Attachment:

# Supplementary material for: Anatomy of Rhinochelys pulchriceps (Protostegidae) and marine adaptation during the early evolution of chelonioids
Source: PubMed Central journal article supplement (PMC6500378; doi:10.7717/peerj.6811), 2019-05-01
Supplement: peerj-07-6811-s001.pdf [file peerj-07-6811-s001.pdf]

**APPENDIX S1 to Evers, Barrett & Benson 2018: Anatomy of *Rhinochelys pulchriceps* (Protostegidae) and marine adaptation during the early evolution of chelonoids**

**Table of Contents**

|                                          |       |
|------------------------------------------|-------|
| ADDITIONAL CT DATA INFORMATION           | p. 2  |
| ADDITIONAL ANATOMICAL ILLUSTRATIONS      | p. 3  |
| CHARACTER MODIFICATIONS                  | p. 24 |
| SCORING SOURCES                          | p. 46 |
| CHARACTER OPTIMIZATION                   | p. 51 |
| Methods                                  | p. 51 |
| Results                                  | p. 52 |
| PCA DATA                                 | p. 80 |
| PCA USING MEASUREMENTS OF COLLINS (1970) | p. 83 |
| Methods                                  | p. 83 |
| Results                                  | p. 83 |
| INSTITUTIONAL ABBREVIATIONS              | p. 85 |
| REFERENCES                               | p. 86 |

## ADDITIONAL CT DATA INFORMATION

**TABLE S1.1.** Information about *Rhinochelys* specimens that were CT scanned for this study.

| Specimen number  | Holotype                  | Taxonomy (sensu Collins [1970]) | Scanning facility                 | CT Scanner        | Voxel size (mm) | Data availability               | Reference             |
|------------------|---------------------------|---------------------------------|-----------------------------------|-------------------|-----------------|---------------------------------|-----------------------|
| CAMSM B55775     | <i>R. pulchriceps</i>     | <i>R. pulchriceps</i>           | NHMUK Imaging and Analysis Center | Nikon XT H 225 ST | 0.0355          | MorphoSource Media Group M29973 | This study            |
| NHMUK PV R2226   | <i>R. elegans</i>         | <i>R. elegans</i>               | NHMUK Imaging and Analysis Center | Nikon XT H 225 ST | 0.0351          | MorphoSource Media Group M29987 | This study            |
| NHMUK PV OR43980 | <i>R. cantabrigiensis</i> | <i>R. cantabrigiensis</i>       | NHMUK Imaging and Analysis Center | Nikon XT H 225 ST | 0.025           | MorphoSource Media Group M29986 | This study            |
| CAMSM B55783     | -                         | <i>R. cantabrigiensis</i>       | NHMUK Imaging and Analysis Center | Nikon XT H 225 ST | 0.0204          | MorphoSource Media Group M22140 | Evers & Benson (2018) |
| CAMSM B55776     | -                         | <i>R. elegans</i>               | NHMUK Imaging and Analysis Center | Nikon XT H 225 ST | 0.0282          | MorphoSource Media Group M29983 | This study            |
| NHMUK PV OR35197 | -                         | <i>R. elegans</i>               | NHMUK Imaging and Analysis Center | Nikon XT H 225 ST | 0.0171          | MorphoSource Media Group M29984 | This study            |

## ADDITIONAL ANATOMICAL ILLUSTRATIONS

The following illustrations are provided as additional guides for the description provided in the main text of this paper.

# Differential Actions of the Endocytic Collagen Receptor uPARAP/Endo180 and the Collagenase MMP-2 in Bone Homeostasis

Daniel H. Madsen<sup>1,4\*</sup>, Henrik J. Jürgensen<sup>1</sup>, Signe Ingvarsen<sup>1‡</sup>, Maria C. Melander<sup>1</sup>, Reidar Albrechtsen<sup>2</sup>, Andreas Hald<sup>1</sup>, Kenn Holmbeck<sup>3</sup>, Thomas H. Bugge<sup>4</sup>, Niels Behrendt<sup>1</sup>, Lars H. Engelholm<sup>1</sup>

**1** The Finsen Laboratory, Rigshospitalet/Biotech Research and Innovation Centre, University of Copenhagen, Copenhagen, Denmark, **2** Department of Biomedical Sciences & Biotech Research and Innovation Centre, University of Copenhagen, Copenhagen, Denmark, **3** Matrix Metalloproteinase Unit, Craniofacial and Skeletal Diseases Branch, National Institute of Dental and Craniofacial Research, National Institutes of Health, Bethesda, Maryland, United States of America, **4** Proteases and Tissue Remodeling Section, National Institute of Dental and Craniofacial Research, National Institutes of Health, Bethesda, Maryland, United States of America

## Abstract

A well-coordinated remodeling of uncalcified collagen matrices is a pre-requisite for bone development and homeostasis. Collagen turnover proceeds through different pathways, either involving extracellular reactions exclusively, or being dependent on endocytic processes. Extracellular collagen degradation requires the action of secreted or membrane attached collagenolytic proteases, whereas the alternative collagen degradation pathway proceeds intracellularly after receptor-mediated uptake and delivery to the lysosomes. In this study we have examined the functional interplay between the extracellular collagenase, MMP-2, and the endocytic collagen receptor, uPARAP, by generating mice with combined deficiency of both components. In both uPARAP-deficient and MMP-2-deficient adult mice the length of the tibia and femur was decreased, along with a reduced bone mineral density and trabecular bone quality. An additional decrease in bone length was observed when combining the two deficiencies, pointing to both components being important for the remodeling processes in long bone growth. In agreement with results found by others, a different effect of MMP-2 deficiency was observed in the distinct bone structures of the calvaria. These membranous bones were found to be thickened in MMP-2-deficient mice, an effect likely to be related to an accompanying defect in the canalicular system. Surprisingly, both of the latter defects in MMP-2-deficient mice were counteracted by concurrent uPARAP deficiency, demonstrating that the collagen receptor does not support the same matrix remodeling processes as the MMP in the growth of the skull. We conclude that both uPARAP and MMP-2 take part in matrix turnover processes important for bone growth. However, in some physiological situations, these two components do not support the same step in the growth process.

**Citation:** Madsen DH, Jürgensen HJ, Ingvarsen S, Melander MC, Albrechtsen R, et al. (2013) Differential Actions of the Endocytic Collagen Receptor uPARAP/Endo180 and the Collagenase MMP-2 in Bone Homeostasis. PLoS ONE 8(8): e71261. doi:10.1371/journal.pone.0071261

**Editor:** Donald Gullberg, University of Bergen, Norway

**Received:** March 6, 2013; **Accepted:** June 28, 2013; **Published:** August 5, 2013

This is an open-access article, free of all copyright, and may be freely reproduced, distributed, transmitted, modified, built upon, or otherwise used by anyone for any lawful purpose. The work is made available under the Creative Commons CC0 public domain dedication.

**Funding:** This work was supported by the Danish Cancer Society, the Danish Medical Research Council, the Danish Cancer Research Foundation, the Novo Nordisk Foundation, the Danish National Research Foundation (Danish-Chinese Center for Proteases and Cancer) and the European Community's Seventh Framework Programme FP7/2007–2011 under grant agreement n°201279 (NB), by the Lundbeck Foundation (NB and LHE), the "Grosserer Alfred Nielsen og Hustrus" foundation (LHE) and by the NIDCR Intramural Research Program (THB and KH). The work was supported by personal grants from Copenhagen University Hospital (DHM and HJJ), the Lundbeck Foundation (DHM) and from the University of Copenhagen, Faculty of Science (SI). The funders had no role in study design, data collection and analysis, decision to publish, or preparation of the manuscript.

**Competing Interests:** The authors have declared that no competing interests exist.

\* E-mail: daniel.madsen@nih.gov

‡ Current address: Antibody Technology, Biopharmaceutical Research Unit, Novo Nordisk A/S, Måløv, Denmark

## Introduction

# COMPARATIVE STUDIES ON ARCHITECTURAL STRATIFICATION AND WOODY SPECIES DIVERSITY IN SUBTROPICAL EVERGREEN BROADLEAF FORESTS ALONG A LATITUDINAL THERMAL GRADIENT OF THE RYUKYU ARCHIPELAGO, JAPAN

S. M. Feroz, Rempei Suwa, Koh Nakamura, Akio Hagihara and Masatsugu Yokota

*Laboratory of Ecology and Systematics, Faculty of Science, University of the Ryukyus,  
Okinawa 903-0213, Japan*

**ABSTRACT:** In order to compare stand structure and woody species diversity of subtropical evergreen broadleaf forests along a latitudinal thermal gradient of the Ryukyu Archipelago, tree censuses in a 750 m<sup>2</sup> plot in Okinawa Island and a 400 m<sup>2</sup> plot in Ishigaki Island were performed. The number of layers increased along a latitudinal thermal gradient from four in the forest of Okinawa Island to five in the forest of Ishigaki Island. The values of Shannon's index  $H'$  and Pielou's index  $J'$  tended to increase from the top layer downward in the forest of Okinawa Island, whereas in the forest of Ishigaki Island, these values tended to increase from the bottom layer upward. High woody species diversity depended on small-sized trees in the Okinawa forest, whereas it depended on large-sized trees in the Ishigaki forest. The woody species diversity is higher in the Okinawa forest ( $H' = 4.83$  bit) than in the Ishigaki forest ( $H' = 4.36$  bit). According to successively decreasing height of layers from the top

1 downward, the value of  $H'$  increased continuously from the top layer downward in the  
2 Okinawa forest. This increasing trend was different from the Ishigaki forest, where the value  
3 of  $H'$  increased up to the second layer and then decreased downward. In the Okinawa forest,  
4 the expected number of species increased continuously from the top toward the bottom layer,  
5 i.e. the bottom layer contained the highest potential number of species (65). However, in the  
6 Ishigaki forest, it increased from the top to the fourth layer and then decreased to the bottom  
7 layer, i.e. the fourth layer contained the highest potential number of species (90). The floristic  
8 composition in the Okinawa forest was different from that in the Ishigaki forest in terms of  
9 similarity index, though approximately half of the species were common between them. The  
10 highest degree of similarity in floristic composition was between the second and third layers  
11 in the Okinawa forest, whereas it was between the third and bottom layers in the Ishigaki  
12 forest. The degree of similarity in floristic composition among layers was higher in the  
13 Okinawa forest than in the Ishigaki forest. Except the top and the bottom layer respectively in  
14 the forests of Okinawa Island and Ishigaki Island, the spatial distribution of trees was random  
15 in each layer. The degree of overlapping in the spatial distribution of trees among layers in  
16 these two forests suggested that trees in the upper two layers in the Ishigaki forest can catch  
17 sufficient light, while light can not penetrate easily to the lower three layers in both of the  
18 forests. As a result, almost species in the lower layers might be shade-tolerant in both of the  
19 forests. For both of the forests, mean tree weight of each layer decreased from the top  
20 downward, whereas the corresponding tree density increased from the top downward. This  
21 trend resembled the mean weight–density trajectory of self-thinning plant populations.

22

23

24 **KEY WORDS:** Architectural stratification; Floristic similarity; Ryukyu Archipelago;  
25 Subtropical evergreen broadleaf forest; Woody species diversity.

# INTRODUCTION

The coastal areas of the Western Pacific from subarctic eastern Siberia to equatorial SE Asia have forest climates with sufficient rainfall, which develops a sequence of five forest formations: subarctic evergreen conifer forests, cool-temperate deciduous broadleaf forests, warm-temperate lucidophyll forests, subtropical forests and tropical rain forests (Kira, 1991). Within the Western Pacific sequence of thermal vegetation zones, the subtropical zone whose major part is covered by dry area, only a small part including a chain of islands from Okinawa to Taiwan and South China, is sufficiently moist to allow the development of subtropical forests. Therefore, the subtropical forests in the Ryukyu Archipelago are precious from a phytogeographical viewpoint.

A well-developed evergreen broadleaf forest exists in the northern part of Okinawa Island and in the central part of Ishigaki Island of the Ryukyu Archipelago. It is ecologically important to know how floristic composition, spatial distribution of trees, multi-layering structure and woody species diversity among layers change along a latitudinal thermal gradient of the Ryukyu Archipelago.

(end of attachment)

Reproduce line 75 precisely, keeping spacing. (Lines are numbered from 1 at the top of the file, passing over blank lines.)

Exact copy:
24 **KEY WORDS:** Architectural stratification; Floristic similarity; Ryukyu Archipelago;  